Too good to be true
This charming apartment with a French twist situated in the center of Moscow is the future home of a young Russian art director. This beauty really looks too good to be true. And it fact it’s not real, it’s only a home to be, a 3D vision creatively made by INT2architecture, a young multidisciplinary team of architects, designers, artists, photographers, and philosophers based in Moscow. We talked to architect and designer Anastasia Sheveleva about the trendy 3D visualizations and this amazing home where many of us would definitely like to move in right now…
– Anastasia, what is the idea behind this beautiful space?
– The 55 sq. m. apartment is in a pre-revolutionary building in the center of Moscow. The “shell” of the apartment is designed as a reference to French neoclassicism – white walls, high ceilings, tall windows, parquet, plaster cornices, boiserie, wooden shutters. The white walls emphasize the proportions of the apartment and the purity of the architectural form.
These classical elements are the backdrop for the “antibody” – a minimalist black box, in which all the technical spaces are grouped (WC, boiler room, kitchen, closet/laundry room). The Box is a compositional center around which the main functional areas are situated: kitchen with a four meter-long kitchen island and bar; lounge area with leather lounge chairs, bio-fireplace and projector; and bedroom with a small workplace.
The modern interior elements contrast in color, material, and style with the classical ones, simultaneously complementing each other. Thus, the objects acquire individuality, creating a wholesome architectural space.
– Who are the owners of this place and what was their vision?
– The owner of the apartment is a young single man (32 years old), he works as an art-director for one of the Russian TV channels, loves to travel. He had great input on the design project (being an architect by education).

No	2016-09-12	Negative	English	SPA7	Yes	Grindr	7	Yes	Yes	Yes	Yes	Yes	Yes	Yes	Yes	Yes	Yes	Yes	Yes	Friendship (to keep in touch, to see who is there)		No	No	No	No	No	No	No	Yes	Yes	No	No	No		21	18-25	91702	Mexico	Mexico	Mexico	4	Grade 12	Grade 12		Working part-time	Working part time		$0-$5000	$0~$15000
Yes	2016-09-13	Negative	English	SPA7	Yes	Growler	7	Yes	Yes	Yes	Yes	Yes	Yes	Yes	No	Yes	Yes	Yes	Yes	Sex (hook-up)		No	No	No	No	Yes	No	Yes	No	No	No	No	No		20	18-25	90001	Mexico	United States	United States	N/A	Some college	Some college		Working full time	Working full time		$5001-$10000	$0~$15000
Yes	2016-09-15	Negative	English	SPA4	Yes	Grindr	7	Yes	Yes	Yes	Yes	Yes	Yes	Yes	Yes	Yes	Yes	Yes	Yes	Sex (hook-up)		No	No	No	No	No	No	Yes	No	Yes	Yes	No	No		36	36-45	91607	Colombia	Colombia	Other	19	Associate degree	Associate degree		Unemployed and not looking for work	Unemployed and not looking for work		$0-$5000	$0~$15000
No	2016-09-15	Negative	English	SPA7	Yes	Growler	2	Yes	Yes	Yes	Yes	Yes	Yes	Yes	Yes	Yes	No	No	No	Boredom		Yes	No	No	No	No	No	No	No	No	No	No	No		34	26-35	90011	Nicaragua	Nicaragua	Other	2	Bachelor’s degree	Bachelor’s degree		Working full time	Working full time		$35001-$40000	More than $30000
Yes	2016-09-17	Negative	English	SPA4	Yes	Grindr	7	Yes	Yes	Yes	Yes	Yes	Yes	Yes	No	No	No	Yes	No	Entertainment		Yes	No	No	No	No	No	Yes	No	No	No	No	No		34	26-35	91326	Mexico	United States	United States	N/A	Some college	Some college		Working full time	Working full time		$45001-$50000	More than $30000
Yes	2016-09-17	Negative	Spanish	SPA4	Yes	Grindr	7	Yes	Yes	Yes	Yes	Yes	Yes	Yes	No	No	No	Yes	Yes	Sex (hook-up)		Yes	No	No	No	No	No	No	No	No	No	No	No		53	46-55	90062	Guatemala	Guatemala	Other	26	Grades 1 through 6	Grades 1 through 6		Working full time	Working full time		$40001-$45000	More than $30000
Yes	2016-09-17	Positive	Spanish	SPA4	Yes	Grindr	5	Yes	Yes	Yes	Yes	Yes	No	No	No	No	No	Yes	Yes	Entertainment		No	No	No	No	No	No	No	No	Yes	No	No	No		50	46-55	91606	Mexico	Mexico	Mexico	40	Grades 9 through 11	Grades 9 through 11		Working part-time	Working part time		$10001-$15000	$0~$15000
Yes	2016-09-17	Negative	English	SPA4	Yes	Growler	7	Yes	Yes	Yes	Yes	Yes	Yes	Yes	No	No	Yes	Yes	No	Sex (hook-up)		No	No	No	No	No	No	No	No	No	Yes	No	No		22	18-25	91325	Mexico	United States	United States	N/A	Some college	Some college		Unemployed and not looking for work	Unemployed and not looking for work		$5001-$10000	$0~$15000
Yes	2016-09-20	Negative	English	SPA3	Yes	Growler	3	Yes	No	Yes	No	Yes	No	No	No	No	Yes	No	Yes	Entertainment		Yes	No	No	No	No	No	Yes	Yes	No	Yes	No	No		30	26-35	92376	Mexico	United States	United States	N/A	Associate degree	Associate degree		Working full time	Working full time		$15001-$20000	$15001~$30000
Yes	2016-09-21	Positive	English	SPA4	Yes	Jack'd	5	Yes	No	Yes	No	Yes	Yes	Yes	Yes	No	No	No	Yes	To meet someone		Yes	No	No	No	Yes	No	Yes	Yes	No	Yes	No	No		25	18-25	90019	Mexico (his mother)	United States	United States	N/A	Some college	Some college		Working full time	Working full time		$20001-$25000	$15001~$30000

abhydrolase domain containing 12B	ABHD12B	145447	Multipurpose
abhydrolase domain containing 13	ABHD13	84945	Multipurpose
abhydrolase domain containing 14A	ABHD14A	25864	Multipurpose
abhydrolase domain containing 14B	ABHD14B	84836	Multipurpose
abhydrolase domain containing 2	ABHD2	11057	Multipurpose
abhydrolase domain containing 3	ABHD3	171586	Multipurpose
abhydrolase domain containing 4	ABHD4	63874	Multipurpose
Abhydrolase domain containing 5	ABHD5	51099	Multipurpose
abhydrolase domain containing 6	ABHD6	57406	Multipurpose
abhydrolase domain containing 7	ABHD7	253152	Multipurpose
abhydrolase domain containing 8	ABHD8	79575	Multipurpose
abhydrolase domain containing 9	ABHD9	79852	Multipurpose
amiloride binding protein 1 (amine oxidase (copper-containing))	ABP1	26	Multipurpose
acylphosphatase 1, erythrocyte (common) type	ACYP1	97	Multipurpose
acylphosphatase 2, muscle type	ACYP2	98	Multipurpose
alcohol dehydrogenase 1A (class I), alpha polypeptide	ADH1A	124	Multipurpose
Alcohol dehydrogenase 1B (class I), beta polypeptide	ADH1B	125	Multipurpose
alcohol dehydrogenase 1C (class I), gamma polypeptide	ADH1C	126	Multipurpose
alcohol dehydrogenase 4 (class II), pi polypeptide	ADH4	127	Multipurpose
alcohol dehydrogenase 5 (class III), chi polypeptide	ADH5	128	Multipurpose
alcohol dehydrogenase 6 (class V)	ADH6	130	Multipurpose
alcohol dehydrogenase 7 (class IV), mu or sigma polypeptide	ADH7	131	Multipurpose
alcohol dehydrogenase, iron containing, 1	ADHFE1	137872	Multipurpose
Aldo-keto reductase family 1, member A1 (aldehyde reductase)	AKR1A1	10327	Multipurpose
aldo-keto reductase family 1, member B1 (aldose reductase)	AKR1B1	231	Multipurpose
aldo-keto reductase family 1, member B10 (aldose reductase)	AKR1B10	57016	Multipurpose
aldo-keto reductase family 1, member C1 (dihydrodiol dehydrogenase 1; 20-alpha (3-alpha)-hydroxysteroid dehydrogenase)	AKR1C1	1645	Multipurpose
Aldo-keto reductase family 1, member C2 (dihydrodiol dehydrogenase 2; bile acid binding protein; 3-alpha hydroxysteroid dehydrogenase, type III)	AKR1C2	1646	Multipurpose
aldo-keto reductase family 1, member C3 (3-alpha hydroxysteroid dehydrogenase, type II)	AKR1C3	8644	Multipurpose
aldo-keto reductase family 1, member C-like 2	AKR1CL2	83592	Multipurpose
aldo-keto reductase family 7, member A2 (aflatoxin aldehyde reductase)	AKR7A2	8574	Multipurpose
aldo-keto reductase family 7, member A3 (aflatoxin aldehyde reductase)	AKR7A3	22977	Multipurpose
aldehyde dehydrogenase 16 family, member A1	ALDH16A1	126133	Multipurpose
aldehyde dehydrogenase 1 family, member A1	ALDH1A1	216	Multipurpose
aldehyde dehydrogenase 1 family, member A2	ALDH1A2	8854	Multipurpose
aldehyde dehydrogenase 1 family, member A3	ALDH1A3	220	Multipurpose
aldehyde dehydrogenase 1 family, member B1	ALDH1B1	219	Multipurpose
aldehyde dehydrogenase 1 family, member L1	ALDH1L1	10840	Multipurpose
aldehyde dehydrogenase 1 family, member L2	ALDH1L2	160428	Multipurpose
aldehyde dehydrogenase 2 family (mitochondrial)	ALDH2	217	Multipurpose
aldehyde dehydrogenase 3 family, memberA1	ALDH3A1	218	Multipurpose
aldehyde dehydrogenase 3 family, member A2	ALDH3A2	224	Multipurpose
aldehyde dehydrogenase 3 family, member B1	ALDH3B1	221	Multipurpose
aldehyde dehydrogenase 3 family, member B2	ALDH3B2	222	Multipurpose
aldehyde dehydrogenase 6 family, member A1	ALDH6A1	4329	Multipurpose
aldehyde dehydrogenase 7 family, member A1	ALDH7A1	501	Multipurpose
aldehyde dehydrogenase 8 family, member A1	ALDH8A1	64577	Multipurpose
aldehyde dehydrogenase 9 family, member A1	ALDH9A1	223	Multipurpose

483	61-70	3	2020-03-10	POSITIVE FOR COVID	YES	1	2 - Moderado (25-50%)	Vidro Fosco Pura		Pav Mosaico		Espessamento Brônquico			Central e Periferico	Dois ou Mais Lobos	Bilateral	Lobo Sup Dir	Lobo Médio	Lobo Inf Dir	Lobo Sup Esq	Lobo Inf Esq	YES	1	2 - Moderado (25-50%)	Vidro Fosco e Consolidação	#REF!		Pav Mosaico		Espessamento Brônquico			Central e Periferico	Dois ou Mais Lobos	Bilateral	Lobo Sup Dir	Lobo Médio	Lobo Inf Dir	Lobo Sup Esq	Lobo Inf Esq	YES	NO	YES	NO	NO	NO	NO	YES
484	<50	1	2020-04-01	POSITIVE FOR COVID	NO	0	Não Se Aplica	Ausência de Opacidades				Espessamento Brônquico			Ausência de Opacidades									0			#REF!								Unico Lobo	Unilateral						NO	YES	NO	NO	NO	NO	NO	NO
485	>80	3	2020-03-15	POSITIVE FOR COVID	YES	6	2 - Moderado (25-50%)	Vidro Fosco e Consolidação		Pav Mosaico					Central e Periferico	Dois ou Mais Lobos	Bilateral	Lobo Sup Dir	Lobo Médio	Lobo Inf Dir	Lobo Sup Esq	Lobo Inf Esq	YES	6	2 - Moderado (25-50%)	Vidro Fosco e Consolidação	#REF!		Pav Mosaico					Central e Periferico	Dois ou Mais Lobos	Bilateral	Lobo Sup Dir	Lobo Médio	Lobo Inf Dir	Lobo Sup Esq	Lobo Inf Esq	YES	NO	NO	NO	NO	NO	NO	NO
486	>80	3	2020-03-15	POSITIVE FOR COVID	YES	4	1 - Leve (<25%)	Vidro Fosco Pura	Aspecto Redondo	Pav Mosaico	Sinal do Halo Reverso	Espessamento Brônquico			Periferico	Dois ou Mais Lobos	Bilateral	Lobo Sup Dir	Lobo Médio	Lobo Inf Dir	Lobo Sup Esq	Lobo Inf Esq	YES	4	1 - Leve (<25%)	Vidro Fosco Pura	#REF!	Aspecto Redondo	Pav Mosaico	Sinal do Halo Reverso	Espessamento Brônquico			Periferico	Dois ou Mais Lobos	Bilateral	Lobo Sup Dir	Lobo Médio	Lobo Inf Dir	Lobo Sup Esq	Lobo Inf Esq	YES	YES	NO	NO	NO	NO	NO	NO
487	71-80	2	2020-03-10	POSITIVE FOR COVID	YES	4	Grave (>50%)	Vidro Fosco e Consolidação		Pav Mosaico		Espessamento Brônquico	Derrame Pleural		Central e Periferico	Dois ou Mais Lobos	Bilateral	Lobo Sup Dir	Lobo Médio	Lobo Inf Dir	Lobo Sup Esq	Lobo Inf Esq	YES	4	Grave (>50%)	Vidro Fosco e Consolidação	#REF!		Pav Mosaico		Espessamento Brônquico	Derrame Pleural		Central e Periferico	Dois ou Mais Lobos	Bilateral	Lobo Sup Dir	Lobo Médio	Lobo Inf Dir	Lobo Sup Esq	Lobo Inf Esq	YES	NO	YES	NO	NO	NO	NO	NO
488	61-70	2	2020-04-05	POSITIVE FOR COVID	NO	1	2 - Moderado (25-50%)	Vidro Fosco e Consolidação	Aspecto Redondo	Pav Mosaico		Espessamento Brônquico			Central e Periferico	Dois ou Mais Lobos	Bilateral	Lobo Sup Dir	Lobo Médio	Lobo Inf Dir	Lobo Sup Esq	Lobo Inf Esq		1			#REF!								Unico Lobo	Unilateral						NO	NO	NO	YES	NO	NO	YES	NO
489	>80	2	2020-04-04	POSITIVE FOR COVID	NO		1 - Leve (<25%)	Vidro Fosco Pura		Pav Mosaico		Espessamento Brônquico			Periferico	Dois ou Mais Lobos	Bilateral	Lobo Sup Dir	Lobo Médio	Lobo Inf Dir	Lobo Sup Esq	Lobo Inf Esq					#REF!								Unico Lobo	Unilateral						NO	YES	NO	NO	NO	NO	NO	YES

– A distinctive feature of this home is its floor.
– The floor is nothing extraordinary. It is a common solution in neoclassicism – traditional chevron parquet.
– Creating a 3D visualization of an interior before putting your hands on it in real life, seems to be a hot new trend in the world of architecture and interior design.
– In Russia it is not so much a trend as a brutal reality for at least the past decade. After the USSR’s collapse in 1991, Russia leaned toward a new ideology: hyper-consumerism. International brands, garish advertising, rapidly spread western lifestyle crowded the lives of Russians. Following the abolishment of state socialism in the Post-Soviet realm, Russia (especially Moscow) developed a thriving sector of “owners”. Buying an apartment and furnishing it like an eighteenth-century French palace became the new obsession and designers became a trend and an instrument to realize people’s long-time desire to “live properly”. At first, designers used hand drawn graphic, and after the 2000s and the growth of computer design software, visualization became a trend here. Visualization in this situation was a very convenient instrument because the clients, on the one hand, wanted to see the result before the realization and correct it if necessary, and on the other hand, usually mistrusted the designer they’d hired. Which raises the question of the necessity of the designer in the first place but this is a whole different topic.
Moreover, in Russia we do not have an opportunity to try furniture or decor items in the space before we buy it, as is very common in the US or Europe.
I wouldn’t say that visualization is a global trend right now. Rather, it is an Asian trend (Thailand, China, Russia…).
– Does the final result usually differ a lot from the initial idea in the visualization?
– If the client is determined and really supports the idea then the realization would be very close to the visualization. However, clients (especially in Moscow) are usually very private about important things that can influence the realization process. For example, the budget they had in mind. That, as you can imagine, can throw the entire project in the basket in the end.
– What styles, designs and ideas inspire you?
– We are inspired by clever simple solutions which can be found in any style or design.
– How would you describe the interior design scene in Moscow? How do people like to see their homes here?
– This is a very big topic, enough for a separate big thesis. I can’t describe it in several sentences. Moscow is a complicated megapolis with people from all over Russia and former USSR republics, people with different backgrounds, education, tastes etc. There is no one recipe for Moscow in terms of interior design and there is no Russian interior style in general (like Scandinavian style). I would even say more often there is a lack of style.
This interview is published in Llamas’ Valley | The Aesthetics issue. For more inspiring photos and stories download the beautifully interactive edition on your iPad.